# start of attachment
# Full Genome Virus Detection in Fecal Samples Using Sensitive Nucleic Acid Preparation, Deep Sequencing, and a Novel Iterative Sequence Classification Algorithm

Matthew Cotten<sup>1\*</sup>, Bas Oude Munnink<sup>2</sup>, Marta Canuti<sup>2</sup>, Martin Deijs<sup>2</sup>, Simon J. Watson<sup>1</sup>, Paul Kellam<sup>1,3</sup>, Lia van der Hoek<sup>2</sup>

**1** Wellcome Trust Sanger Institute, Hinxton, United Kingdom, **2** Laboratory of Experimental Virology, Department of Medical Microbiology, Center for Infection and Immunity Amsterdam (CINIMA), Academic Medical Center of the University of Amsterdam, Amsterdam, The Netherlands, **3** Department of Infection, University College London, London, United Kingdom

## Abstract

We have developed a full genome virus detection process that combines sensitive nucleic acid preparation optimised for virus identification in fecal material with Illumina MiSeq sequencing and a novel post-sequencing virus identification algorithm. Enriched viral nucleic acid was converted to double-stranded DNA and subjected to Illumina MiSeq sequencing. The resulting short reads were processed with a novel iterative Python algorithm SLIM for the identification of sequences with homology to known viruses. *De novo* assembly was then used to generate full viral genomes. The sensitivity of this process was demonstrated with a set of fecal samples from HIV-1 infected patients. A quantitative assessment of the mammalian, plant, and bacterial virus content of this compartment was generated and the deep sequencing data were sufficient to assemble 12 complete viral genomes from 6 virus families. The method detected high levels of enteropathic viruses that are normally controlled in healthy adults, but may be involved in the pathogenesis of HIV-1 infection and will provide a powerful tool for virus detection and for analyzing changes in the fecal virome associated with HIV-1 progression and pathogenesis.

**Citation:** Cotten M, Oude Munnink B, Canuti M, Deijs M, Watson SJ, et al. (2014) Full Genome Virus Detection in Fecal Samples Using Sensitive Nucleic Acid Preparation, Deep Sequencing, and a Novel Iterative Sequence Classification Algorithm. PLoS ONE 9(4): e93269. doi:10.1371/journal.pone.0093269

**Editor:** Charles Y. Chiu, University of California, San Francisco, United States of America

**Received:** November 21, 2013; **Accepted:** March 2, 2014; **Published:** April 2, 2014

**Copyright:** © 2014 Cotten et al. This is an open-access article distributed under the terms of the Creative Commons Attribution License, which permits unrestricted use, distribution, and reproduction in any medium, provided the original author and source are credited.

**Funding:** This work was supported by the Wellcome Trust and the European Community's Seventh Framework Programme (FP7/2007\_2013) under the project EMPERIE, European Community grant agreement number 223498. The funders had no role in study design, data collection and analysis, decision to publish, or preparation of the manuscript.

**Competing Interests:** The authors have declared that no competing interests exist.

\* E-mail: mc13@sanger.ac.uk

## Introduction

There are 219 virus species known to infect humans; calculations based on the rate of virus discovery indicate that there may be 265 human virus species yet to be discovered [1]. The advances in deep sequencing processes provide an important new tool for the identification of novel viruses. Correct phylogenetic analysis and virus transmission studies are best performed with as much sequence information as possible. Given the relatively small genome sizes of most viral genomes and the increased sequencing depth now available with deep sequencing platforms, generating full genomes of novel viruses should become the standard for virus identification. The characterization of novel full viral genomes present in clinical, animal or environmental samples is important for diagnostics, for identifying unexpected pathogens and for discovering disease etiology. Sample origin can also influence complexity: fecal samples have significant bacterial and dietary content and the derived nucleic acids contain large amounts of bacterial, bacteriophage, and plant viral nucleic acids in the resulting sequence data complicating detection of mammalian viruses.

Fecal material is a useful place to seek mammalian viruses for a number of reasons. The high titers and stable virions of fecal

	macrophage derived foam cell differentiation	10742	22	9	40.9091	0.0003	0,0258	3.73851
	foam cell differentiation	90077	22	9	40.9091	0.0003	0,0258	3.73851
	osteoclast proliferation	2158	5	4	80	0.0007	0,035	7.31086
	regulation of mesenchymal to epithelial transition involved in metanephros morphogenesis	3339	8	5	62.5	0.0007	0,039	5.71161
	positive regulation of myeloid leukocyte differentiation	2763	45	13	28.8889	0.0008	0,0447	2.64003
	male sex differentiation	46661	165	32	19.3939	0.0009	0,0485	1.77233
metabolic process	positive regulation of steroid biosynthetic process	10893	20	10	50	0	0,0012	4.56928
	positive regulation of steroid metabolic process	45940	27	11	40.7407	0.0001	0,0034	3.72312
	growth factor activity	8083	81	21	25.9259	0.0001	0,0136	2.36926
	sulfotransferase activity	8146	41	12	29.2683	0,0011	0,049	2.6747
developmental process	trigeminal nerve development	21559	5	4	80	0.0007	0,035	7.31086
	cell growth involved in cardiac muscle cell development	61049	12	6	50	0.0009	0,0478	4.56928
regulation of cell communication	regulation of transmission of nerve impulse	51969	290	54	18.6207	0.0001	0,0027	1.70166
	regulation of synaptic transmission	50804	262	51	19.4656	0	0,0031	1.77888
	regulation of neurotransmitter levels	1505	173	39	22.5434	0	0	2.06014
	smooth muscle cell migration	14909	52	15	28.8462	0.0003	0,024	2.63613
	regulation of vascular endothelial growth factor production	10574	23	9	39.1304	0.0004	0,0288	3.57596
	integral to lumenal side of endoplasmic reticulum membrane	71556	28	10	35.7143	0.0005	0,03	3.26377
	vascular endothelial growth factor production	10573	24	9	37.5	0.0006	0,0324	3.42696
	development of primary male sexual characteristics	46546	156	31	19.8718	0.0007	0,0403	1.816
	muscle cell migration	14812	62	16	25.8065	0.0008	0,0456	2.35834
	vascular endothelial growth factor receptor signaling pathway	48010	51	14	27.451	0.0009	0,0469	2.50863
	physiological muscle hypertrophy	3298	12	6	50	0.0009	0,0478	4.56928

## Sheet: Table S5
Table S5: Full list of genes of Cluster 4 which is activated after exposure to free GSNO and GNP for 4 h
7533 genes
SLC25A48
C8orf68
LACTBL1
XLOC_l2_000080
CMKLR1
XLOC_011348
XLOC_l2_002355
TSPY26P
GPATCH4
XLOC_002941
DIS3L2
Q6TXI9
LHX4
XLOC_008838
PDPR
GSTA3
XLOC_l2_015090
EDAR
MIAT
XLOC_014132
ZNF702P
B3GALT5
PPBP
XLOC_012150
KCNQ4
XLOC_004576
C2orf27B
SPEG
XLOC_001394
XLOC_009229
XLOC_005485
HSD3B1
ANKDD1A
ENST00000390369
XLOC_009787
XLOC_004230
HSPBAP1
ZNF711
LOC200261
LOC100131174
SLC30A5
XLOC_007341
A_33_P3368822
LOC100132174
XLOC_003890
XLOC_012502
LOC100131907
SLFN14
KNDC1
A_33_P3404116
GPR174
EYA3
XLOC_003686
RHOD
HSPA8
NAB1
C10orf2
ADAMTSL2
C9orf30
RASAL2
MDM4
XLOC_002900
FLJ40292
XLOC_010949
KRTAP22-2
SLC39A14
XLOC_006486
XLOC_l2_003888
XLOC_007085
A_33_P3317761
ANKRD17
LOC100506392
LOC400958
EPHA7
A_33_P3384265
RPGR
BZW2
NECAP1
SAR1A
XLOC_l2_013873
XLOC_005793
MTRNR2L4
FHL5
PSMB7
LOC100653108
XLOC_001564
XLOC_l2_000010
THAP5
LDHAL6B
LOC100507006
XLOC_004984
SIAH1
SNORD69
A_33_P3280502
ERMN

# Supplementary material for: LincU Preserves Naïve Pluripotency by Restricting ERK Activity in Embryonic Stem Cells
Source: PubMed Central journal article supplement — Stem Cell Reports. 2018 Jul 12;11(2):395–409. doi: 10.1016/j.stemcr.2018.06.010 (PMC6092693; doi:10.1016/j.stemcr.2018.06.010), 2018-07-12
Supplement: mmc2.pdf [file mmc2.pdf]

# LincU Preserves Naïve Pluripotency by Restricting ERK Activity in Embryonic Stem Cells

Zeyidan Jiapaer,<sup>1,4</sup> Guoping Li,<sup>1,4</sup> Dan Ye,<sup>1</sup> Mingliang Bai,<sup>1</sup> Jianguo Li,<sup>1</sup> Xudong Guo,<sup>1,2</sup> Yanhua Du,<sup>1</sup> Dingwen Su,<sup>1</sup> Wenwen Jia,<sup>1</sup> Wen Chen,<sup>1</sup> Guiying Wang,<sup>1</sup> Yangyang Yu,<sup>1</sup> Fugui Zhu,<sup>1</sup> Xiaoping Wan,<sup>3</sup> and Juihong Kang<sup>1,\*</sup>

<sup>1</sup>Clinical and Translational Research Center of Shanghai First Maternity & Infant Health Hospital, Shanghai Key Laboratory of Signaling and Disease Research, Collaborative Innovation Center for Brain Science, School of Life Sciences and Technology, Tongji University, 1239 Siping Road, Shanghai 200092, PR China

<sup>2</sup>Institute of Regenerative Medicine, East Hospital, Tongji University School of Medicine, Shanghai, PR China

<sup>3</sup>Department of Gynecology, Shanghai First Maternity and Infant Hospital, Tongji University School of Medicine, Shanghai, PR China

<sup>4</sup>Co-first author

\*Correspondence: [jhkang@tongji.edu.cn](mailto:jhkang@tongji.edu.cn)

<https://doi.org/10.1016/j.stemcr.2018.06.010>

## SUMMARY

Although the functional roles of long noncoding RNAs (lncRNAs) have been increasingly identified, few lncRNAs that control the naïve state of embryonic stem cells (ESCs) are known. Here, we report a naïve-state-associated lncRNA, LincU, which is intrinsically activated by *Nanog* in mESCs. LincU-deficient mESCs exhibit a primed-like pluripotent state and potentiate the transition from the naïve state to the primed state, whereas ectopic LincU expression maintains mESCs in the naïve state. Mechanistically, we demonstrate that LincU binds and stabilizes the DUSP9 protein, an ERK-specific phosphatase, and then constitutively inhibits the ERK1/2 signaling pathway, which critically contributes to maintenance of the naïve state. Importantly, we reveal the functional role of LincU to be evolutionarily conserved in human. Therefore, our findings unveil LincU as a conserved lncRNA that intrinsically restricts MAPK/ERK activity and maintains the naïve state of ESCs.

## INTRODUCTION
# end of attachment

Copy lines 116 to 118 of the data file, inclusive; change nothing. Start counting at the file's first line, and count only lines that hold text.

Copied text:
A_33_P3384265
RPGR
BZW2